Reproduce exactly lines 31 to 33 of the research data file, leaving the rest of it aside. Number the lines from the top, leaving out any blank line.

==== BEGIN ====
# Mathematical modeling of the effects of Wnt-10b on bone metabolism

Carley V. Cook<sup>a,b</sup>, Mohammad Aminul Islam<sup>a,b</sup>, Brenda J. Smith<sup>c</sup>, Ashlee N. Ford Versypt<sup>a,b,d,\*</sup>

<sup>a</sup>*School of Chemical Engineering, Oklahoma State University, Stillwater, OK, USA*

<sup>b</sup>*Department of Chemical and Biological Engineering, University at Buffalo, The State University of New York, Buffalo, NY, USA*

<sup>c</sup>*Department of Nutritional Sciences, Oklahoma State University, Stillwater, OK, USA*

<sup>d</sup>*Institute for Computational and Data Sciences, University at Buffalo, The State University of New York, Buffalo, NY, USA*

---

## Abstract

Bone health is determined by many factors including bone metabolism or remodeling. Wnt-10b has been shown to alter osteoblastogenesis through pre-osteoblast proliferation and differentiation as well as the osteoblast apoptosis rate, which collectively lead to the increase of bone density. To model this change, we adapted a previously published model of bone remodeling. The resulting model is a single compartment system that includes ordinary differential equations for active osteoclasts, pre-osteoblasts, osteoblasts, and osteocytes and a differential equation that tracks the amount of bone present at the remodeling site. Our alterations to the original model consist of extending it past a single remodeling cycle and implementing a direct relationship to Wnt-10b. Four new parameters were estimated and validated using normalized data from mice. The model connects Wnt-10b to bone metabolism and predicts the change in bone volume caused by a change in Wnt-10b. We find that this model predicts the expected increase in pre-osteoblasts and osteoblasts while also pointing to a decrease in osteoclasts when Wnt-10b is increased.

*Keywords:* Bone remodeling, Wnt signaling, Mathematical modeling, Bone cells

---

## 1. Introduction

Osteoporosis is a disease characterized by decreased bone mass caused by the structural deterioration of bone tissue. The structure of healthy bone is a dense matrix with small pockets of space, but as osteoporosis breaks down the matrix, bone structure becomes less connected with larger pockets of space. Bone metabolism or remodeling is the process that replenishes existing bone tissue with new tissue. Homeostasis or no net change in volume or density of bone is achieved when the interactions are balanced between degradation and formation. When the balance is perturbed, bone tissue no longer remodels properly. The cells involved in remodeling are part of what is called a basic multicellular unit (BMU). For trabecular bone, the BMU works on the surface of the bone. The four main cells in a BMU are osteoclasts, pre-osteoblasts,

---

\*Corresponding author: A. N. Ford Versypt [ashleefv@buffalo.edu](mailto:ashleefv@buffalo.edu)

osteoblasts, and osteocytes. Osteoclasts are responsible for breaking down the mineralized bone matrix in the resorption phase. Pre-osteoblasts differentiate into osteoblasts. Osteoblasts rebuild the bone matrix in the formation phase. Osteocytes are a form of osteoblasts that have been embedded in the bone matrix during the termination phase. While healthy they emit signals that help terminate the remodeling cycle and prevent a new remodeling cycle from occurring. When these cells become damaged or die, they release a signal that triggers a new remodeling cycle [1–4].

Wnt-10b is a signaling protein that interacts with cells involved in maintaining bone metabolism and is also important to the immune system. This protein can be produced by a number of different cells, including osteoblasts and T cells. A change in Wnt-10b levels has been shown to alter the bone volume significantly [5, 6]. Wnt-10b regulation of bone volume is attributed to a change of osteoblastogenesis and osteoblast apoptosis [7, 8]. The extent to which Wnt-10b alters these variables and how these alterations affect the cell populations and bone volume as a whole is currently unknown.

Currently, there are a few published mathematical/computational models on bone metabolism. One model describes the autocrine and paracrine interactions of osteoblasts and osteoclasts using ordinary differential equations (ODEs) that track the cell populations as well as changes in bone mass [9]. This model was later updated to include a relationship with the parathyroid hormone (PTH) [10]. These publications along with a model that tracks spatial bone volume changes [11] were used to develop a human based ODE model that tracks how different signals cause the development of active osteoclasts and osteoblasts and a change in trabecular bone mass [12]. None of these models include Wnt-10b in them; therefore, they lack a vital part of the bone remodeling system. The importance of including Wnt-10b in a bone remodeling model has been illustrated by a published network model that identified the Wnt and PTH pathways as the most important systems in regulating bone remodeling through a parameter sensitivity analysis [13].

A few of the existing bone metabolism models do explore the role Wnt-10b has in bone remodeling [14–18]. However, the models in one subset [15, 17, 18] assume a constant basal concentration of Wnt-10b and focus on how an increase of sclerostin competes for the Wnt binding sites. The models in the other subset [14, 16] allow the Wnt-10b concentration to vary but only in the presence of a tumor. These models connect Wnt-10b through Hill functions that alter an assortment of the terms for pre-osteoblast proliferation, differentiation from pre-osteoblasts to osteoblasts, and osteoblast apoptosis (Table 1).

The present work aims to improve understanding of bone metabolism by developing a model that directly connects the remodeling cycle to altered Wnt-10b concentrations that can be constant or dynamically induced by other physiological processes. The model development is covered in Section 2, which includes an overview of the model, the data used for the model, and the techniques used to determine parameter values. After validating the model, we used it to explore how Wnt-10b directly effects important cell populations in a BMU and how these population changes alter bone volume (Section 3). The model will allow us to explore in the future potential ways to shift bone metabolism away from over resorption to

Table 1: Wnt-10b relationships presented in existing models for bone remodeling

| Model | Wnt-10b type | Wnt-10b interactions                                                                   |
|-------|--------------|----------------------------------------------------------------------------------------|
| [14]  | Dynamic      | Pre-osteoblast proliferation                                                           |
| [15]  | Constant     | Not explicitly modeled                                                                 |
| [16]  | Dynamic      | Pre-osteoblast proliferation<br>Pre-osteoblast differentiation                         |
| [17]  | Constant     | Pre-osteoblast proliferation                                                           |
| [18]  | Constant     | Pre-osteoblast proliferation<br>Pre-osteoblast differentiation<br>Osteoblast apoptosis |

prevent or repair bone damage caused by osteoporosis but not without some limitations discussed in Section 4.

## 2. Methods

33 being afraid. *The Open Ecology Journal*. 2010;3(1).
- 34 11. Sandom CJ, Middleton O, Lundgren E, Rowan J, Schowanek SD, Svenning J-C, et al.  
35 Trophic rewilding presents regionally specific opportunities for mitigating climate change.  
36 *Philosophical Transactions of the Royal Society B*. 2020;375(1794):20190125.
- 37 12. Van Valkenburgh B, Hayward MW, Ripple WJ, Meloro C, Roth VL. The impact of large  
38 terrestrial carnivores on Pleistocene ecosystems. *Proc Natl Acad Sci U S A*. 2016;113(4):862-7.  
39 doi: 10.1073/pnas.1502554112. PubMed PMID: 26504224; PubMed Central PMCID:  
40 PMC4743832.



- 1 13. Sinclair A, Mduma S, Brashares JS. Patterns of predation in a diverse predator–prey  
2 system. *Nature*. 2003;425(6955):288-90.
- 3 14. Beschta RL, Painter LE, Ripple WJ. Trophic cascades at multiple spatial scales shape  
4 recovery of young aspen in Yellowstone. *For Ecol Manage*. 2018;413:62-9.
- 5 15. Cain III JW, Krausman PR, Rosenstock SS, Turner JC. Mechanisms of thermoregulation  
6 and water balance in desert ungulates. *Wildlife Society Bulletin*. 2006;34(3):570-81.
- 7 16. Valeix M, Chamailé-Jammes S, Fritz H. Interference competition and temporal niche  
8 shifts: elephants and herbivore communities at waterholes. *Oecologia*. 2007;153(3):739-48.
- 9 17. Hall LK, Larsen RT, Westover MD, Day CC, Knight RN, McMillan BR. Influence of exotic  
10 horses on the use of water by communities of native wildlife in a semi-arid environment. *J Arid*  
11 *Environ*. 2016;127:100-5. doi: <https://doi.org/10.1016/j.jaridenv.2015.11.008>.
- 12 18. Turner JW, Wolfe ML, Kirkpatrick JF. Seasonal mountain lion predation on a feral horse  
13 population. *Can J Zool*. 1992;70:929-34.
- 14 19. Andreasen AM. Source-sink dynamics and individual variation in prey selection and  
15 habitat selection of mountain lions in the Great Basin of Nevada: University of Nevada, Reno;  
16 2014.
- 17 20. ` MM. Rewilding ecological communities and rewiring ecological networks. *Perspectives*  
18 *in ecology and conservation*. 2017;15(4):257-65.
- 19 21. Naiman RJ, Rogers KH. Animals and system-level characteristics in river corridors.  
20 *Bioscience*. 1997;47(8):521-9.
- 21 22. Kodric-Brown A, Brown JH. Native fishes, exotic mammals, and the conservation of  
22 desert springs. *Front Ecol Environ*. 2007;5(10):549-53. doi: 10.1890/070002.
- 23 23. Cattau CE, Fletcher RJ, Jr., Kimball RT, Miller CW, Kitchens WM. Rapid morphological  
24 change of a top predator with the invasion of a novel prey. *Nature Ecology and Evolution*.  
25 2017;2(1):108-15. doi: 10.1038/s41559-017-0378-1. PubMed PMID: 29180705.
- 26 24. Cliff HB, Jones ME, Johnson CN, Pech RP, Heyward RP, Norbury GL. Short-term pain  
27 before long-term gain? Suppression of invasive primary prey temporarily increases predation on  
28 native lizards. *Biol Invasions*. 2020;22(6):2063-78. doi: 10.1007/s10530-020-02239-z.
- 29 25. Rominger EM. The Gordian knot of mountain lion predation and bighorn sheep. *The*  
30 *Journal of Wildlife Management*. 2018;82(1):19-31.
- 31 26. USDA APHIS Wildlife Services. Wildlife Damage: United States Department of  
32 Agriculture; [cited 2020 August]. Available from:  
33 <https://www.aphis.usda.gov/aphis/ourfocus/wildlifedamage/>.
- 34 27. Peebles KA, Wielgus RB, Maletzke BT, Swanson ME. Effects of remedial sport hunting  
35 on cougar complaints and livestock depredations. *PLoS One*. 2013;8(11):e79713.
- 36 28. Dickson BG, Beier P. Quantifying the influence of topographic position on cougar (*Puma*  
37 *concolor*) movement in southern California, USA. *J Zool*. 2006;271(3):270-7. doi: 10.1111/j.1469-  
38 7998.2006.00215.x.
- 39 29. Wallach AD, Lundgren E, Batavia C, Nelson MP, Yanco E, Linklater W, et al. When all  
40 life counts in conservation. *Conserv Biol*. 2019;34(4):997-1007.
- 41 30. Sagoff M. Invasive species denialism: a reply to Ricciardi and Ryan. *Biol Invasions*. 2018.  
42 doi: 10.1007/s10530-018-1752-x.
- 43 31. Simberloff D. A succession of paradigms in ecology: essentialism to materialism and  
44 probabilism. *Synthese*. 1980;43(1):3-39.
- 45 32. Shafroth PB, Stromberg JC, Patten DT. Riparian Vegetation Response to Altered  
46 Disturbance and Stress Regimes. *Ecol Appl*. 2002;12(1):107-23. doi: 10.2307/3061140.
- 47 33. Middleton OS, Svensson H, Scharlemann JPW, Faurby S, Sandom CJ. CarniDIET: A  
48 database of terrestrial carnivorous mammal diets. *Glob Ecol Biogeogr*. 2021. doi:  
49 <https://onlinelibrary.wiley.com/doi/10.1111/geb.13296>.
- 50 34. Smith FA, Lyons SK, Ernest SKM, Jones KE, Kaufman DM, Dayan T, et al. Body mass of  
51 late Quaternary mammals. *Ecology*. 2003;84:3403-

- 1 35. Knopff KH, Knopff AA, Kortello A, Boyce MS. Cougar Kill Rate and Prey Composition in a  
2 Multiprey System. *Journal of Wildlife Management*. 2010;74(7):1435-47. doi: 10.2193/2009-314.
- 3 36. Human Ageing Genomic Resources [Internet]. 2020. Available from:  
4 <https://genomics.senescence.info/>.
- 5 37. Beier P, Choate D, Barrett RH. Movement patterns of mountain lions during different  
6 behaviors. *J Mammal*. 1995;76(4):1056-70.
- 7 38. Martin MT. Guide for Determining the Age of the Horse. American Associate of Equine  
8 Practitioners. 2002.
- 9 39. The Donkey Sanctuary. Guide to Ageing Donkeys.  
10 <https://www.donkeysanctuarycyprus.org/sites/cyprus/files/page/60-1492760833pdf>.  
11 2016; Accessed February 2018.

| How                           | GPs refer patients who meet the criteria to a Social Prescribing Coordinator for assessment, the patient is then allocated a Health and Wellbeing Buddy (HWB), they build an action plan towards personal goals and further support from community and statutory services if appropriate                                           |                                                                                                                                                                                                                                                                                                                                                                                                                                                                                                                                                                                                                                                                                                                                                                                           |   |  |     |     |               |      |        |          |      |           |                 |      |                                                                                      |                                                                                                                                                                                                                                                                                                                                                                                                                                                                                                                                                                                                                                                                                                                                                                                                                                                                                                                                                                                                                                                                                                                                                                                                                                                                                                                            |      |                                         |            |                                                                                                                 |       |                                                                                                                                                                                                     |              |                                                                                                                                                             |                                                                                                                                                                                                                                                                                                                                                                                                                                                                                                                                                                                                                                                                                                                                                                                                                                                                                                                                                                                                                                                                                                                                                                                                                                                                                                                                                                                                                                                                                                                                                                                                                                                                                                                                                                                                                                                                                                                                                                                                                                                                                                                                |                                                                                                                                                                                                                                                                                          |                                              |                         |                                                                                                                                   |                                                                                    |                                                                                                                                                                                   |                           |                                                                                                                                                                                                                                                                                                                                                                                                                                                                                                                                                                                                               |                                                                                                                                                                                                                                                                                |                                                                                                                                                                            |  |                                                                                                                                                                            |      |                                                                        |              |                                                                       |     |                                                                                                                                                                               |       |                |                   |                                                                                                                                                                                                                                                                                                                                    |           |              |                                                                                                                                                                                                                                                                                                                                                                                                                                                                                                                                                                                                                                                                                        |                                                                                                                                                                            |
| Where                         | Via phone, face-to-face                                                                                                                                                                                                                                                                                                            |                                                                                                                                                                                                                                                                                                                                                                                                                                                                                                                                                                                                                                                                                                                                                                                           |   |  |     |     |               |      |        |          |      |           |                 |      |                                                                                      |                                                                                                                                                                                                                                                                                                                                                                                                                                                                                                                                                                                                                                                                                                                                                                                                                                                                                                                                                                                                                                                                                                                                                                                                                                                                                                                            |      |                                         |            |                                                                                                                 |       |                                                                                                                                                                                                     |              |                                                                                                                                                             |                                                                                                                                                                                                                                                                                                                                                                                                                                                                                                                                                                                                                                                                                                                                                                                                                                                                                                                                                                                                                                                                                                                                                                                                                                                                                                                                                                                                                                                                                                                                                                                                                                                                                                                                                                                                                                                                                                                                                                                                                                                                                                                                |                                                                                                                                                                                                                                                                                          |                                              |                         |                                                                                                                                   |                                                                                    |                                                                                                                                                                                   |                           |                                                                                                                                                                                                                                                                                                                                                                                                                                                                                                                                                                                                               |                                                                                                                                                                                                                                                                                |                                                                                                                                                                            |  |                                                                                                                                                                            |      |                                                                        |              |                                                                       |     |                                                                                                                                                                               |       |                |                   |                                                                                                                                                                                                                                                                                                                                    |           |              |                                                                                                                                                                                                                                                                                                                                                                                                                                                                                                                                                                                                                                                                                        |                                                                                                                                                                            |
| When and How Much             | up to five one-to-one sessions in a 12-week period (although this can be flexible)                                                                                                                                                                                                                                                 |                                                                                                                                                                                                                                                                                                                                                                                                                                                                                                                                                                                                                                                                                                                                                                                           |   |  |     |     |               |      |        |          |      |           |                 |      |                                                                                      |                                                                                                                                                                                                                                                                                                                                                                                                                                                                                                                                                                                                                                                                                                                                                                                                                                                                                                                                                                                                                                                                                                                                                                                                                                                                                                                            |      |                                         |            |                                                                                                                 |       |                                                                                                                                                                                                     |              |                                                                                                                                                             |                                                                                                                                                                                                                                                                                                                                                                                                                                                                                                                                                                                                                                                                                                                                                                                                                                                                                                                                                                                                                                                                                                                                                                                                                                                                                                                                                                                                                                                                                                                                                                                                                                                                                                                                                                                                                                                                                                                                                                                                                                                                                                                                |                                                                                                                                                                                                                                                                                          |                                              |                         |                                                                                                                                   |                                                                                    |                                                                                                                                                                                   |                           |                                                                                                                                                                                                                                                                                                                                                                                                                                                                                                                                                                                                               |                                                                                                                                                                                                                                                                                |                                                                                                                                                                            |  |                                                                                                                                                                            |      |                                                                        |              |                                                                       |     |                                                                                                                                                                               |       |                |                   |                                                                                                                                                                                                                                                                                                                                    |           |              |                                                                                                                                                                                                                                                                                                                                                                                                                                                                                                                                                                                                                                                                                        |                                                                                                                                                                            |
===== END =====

33 being afraid. *The Open Ecology Journal*. 2010;3(1).
- 34 11. Sandom CJ, Middleton O, Lundgren E, Rowan J, Schowanek SD, Svenning J-C, et al.  
35 Trophic rewilding presents regionally specific opportunities for mitigating climate change.  